Returning, we ascended the Frazer in Canoe as far [as] the mouth of the Lue-que-alla, where the village of Hope now stands; and thence. hap-hazard, struck across the Cascade Mountains to the heads of the Similkameen, which we followed down until we fell in with our horses at an appointed rendezvous in the open country.This line in its main features,was afterwards adopted for the government road and is the direct route of communication with the South~eastern Interior of B.C.) In 1847 I again started; this time down the Thompson and the valley of the Frazer ~ Sending our horses back from the mouth of the Nicholas River, near what is now known as Cook's Ferry; we set out on foot, following the line, approximately of what is now the wagon~road,via Shilkumchun (Lytton) to the head of navigation where Fort Yale (now the town of Yale) was afterwards established - Thence by canoe to Langley. Returning we ascended in Canoe, took our canoe up the Yale rapids, (though with risk, as the water was still high) and disembarked at Ke-que-loose, near where the suspension bridge has since been erected ~ Thence on foot across the Cascade Range (here rapidly subsiding in elevation till it terminates near Lytton) until we met our horses at an appointed rendezvous ~ and so, by the way of Nicholas Lake, to Kamloops, our point of departure. It is here to be remarked that several of the lines thus traced have since become the main routes of access to the Interior ~ Large sums, indeed, have been expended in construction; but the result has been the opening up of the former Colony of British Columbia ~ the present Province. The prudence of the precautionary measures which the company had taken, with regard to the exploration of these routes of communication, became soon apparent. It is needless to say that, in 1846, the conclusion of the Oregon Treaty justified the doubts that had been entertained. The massacre of Dr Whitman, his wife, and others, to which I have before alluded, generally known as the Wailet-pee Massacre, led to immediate hostilities, and these were continued until the principal murderers had been delivered up to the Territorial authorities. Meanwhile the communicationery massacre took place late in the Autumn of 1847; and in the ear[l]y part of 1848, we received by express from head~quarters at Fort Vancouver, notifying us of the events that had taken place, and informing us that we must break our way through to Langley, whither the supplies for the several Districts would be forwarded to meet us. Accordingly about the end of May we set out, selecting my return route of the previous summer ~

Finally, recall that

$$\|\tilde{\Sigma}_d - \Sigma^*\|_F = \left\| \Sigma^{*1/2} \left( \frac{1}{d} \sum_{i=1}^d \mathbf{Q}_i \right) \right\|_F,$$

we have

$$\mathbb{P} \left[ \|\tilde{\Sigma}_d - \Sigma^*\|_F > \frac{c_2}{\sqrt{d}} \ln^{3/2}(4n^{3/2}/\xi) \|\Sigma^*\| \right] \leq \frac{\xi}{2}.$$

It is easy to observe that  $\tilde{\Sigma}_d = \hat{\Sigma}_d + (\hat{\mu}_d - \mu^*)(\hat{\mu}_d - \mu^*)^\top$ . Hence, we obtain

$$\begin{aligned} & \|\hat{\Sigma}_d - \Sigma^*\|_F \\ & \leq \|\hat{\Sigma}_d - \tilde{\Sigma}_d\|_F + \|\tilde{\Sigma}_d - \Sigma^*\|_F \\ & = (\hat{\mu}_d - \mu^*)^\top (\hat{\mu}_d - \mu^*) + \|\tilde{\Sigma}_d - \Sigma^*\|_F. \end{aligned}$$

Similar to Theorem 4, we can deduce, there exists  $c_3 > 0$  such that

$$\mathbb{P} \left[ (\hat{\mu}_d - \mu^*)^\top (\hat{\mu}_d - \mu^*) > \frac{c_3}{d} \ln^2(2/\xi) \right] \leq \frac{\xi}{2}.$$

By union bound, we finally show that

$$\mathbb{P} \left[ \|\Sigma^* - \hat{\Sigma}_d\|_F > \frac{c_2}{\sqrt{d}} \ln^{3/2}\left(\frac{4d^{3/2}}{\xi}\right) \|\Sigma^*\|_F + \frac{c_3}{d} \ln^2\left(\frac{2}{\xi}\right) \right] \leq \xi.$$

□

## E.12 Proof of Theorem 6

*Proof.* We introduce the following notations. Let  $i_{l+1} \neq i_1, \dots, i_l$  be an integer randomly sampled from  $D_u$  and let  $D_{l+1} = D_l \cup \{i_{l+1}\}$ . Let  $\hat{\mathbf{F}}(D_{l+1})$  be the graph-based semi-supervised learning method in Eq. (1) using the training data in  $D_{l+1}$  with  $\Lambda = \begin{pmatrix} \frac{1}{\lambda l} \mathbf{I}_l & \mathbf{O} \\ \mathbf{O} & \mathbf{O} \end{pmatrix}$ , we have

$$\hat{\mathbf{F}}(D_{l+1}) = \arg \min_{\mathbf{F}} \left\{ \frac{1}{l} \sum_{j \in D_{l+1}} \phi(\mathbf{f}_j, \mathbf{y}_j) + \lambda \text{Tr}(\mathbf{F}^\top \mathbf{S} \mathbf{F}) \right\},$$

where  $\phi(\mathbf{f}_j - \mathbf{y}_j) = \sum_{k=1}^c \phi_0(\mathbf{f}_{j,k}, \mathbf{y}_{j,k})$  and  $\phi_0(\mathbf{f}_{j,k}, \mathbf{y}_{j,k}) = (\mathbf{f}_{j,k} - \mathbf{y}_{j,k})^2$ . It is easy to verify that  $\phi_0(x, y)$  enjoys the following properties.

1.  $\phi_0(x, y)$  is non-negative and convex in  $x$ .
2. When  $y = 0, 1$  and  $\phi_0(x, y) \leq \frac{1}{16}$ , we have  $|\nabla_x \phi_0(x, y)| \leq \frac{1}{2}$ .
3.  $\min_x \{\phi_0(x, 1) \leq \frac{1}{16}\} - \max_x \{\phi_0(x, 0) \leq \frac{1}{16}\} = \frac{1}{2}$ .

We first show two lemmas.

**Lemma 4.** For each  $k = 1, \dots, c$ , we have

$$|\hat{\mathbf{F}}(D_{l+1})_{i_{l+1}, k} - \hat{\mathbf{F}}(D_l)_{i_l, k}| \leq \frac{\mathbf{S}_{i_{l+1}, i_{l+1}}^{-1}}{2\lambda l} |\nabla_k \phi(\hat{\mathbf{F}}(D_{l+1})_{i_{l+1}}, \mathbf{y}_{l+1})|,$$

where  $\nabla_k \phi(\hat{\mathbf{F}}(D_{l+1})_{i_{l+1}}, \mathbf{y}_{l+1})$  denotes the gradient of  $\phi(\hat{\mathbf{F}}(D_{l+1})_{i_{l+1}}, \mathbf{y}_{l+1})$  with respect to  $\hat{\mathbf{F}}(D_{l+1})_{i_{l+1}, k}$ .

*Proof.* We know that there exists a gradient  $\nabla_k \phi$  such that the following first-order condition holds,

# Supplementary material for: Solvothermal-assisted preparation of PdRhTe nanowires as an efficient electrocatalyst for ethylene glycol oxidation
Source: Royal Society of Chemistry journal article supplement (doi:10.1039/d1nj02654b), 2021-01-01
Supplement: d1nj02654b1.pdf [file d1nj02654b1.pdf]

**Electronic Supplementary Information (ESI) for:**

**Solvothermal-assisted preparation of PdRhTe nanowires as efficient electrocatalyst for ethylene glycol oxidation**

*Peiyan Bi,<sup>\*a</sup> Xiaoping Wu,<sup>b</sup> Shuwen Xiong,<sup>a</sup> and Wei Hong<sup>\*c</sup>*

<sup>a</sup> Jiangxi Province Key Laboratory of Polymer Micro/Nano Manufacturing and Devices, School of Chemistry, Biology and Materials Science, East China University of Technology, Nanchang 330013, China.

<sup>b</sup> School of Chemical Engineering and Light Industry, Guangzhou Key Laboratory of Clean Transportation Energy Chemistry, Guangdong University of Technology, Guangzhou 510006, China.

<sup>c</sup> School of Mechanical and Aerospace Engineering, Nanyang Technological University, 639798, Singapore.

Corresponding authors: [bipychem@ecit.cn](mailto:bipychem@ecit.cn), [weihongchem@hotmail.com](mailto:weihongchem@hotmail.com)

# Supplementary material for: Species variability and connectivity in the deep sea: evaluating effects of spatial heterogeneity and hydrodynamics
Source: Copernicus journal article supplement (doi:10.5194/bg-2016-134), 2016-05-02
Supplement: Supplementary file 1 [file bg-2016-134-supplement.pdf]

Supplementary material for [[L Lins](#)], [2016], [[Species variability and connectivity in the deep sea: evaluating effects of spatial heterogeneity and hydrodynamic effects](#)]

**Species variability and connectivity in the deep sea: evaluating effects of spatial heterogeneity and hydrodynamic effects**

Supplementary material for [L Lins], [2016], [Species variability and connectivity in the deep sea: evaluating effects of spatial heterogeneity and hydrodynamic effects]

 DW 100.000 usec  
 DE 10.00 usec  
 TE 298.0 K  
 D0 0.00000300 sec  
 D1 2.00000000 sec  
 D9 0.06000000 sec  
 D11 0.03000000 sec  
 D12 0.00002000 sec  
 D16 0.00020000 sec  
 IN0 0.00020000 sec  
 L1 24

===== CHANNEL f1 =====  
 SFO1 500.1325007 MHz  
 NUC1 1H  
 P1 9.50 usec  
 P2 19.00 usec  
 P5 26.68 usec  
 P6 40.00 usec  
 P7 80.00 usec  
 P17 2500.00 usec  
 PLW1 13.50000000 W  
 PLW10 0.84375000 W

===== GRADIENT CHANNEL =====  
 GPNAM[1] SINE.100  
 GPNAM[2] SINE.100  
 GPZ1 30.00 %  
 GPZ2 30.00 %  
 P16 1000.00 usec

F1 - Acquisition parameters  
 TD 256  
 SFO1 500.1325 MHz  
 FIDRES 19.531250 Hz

Our party consisted of the three "brigades" of New Caledonia, Thompson's River, and Colvile~ We had about 400 horses (many of them unbroken) and in all about 50 men. Mr Donald Manson, of New Caledonia, as senior officer, was in general charge, I as head of the Colvile District (to which I had been recently appointed by the Governor in Council) was second and there were several other officers in Company ~ It is needless to enumerate the difficulties which we had to encounter and surmount: suffice it to say that we continued to reach Fort Yale, which had meanwhile been established with our packs, and thence ran down speedly to Langley - On the return-trip the difficulties, if not the dangers, were greatly multiplied; but at length we reached Kamloops though with the loss of a good deal of property and many horses ~ To conclude this subject I may mention that the following Spring we went out by the same route; but its difficulties were too harassing; and on our return we stopped short at Hope (where a small post had been erected during the winter in anticipation of this decision) and, the whole party were set to work, and soon cut a trail across the mountains, modifying somewhat my return route of 1846 - This route continued to be followed until the Government road was made as before mentioned in 1860. When the great rush to Victoria took place, in 1858, it was found necessary to provide means to provide means [sic] of access to the Interior, to enable the Miners to reach their destination. I had meanwhile, at the earnest desire of Governor Douglas, accepted office under the government in Victoria. I strongly advised the opening of a road from the head of the Harrison Lake, crossing the Birkenhead Portage, and thence via Lake Anderson-Seton to the crossing of the Frazer at the point where the village of Lillooett was afterwards founded. A party of 500 men was organised ~ volunteers from among the miners - under special arrangement, of which it would be tedious to detail the particulars. I was deputed to set the party in motion; and proceeding to the point of commencement, operations were speedly begun. This spot, as being the [blank in mscp.] of a future place of business, was called Douglas in honor of the Governor of that period.